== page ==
Fifth Dimension

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An Evaluation of Beethoven’s 9th Symphony: Introduction

Posted by fifthdimension on May 15, 2007

Beethoven’s Symphony No. 9 in D Minor, Opus 125 is undoubtedly one of the greatest works of the master composer. Various interpretations and critical appreciations of this musical feat provide ample reasons for its claim to greatness.


For decades, Beethoven had been developing the elements that were to go into the Ninth Symphony. As early as 1792, he was contemplating on setting Friedrich Schiller’s poem “An die Freude” (published in 1786). The familiar melody to which the poem is set has a special origin of its own, with notable antecedents in the same opera, the song “Gengenliebe” (“Requited Love”), and most clearly, in the Choral Fantasy, op. 70, premiered at an exhausting concert in 1808.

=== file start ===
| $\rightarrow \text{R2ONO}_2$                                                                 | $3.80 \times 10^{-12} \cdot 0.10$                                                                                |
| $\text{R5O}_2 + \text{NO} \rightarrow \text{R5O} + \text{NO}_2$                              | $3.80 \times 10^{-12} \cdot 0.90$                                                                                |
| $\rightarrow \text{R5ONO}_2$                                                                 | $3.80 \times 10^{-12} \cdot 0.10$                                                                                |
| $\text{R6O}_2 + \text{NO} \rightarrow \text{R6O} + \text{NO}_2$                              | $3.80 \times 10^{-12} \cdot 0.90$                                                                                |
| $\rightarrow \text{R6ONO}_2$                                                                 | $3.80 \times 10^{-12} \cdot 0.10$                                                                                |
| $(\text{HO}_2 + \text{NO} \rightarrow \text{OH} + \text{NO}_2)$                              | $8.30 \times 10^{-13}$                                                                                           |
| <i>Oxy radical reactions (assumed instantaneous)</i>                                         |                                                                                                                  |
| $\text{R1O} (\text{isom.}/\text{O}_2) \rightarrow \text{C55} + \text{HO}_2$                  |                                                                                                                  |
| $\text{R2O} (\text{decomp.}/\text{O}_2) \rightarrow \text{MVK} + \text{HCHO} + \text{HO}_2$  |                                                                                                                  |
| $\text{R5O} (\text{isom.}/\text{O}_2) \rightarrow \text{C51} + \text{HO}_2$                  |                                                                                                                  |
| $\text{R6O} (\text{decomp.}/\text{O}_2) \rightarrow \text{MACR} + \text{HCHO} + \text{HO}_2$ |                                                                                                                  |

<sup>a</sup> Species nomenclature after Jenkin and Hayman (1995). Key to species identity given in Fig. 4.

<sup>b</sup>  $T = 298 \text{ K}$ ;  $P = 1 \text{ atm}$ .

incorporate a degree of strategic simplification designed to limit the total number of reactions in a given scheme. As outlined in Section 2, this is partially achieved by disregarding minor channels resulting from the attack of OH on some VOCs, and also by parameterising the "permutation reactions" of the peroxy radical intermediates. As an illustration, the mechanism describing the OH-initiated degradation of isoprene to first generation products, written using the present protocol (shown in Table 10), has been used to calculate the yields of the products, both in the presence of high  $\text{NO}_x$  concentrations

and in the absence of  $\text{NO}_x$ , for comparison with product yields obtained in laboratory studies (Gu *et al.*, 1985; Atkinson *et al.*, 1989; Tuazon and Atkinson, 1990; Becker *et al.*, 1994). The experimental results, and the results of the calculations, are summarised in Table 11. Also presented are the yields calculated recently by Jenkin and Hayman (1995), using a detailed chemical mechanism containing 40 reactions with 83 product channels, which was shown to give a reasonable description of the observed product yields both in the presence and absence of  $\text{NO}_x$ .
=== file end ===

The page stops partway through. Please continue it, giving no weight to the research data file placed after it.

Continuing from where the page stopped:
The Ninth is the only symphony of Beethoven’s late period, which is usually characterized by experimentation with the standard forms of music. Here, the master composer resorts to the perfectly straightforward four-movement plan developed by Haydn, and honored by Beethoven in most of his own earlier symphonies. However, Beethoven’s arrangement of the materials generates something that was new in its time– strange, and wholly unexpected, even by audiences familiar with Beethoven’s taste for the unexpected.



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